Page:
The other day, I wrote a rather heavy-handed entry, implying that with the increasing transparency of our classroom walls, there is no need for curriculum. This could have caused some confusion, not only because we all define curriculum in different ways, but also because the impression may have been read that with such rich access to the world outside the classroom, who needs pedagogy.
This is not at all what I meant, and I apologize if you took my words to literally. I tend to howl at the moon. It’s the different between, say, a math teacher (I was a lousy math teacher) and a history teacher (now that was my calling). In math, the point is made most effectively and eloquently by presenting the facts clearly and precisely and letting the logic speak for itself. History, on the other hand, makes its case with thunder, terror, and glory. Good history teachers really would rather perform history.
Anyway, the point is this. Education, defined by it limits, required a curriculum that was packaged into products that could be easily used in the classroom. We used textbooks with scope and sequence, pacing guides, and a teacher’s guide with the answers.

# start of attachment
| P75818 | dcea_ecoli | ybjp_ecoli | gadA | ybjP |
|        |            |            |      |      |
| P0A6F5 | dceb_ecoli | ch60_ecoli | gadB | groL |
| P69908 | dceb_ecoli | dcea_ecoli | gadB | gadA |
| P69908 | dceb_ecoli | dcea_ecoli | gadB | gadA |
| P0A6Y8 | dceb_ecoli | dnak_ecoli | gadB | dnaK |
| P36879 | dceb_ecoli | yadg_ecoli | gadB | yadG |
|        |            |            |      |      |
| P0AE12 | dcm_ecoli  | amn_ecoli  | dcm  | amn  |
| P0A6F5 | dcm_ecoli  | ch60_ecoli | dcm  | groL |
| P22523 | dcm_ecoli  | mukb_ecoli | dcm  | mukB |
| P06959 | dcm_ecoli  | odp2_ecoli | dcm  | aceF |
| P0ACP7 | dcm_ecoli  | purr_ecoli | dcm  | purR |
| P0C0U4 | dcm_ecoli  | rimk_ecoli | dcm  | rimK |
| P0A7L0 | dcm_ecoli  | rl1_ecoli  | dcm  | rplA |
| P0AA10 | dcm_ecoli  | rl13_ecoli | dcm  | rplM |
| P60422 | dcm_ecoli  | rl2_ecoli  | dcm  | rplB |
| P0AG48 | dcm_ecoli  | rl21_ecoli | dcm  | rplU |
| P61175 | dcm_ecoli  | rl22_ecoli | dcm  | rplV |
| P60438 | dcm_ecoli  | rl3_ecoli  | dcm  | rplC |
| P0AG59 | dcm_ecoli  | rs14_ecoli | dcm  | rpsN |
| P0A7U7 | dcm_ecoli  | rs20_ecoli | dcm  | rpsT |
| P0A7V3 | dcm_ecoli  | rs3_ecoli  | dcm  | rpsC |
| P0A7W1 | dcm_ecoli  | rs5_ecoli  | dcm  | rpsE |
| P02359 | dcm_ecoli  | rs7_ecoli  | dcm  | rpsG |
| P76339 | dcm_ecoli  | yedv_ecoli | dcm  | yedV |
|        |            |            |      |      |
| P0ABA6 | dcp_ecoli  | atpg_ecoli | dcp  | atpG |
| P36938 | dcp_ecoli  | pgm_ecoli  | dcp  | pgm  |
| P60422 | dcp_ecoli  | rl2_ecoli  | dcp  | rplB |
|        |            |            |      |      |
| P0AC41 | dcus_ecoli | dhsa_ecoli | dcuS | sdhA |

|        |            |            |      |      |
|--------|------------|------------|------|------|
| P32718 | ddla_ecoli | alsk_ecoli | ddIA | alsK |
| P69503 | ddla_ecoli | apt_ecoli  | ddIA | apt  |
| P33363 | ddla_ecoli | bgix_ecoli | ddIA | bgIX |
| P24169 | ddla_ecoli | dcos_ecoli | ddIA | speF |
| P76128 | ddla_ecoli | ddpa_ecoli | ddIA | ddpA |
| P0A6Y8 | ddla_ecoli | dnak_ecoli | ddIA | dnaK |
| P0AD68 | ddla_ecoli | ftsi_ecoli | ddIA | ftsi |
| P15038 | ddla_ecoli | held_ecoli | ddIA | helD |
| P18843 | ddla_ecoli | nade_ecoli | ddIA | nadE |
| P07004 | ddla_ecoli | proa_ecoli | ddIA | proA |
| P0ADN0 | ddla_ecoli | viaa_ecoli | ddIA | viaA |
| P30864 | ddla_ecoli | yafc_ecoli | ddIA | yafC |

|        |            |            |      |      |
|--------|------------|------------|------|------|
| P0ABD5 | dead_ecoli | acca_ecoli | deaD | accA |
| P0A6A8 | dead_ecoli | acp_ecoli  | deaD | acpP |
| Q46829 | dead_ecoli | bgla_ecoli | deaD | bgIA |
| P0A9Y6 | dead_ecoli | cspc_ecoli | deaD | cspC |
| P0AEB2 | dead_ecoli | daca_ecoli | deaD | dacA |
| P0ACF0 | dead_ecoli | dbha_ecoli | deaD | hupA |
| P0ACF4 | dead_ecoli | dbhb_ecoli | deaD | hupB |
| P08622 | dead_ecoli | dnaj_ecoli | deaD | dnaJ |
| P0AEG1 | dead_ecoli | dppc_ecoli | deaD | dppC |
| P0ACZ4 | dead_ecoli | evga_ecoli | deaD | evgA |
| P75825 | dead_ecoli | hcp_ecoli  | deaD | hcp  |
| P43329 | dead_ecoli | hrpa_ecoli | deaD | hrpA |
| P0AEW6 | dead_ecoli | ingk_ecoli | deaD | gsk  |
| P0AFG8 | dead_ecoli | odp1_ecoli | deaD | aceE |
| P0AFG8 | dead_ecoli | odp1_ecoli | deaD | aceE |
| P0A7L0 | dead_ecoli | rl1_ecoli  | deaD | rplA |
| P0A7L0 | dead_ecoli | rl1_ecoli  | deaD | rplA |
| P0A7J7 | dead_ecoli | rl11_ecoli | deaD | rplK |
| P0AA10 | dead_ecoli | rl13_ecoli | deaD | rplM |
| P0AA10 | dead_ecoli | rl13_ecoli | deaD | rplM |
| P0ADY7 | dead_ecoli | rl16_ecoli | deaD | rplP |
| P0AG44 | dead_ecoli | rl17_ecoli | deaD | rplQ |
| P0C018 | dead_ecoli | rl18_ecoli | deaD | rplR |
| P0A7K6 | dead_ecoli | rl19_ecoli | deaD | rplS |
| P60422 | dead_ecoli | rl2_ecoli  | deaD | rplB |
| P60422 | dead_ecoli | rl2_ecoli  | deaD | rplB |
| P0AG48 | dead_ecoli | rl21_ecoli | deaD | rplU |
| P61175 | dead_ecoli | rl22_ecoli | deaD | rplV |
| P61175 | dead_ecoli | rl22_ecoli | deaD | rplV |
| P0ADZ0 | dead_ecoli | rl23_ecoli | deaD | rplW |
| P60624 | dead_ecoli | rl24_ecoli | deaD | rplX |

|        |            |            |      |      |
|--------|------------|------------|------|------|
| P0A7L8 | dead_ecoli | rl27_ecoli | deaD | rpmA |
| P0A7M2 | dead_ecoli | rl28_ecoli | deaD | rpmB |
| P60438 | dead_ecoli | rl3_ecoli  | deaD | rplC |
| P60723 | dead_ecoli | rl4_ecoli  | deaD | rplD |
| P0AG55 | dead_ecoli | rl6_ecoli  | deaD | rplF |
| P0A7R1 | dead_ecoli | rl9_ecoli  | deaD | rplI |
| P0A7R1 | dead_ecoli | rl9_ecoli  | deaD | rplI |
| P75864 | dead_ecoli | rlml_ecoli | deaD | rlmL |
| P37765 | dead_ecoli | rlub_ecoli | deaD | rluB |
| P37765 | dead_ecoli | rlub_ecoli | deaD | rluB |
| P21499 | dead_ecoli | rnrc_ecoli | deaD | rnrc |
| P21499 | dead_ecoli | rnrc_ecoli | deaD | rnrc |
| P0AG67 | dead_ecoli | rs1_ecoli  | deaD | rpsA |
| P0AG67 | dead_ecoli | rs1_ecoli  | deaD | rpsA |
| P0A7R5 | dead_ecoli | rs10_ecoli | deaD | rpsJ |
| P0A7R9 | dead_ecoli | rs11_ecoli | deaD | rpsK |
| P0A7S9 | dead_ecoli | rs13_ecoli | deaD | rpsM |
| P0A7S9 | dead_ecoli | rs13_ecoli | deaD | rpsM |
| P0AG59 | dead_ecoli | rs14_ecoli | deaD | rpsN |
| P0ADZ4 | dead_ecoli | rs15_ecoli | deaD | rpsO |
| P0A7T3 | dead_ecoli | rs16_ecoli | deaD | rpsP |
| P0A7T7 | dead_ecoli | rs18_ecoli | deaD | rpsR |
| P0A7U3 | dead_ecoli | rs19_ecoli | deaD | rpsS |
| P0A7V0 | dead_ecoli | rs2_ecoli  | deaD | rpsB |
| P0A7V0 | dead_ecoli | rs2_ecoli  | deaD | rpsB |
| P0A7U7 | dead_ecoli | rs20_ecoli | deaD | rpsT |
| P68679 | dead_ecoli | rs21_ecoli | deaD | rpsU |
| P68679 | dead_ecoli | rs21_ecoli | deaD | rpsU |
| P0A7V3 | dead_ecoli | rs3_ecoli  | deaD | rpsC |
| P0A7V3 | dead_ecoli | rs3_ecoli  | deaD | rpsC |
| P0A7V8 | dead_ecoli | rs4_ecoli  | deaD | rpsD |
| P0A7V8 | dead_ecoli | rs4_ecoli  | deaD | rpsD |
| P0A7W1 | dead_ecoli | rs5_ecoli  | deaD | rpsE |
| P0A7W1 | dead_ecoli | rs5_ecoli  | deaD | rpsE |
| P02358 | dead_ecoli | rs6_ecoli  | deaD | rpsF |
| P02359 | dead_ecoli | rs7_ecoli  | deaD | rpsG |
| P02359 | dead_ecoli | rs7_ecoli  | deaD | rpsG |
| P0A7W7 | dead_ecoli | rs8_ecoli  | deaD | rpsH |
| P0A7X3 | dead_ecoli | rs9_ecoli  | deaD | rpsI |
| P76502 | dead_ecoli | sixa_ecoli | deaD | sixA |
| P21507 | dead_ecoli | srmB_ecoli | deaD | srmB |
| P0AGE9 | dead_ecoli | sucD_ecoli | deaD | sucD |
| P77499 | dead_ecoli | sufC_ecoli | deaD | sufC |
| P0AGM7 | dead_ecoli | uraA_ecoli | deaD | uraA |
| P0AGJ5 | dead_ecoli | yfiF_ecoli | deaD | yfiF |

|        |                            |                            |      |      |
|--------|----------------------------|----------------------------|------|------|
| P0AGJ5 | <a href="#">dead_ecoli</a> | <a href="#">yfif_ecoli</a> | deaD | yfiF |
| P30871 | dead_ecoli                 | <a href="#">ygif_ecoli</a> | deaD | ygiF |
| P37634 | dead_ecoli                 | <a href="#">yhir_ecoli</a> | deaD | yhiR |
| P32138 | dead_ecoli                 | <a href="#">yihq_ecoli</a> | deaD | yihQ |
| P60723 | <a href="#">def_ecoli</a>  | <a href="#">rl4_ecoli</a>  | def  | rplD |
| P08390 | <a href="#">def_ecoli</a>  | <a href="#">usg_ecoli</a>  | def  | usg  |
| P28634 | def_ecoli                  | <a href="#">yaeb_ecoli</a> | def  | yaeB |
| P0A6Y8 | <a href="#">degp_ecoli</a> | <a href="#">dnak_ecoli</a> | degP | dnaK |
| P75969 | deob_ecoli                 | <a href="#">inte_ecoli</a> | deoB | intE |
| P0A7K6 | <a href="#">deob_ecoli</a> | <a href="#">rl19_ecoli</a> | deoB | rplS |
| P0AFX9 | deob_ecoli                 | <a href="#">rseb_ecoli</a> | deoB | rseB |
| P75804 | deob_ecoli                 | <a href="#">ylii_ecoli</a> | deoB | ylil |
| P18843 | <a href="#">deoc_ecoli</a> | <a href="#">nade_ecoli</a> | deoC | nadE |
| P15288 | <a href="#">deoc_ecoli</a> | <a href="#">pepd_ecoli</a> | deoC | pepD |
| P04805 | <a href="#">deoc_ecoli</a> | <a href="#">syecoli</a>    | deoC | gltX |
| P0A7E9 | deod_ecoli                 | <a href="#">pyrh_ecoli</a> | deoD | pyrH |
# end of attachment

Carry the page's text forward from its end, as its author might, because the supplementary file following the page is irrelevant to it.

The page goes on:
Education, defined by it’s lack of limits, requires no such packaging. It’s based on experiences, tied to real-world, real-time information that spans the entire spectrum of media — crafted an facilitated by skilled teachers, who become more like tour guides than assembly-line workers.
Certainly, some things have to be taught, and they may even be taught with the help of packaged curriculum. I would prefer to see something more along the lines of the Young LadyÃ¢â‚¬â„¢s Illustrated Primer (See What’s Left for the Classroom), than a basel reader. But, I suspect that learning to read, write, add, subtract, count, and measure, will become much less the predominant vision of teaching and learning that it is today, once students and teachers are empowered to participate with a universe that conspires to reveal its truth.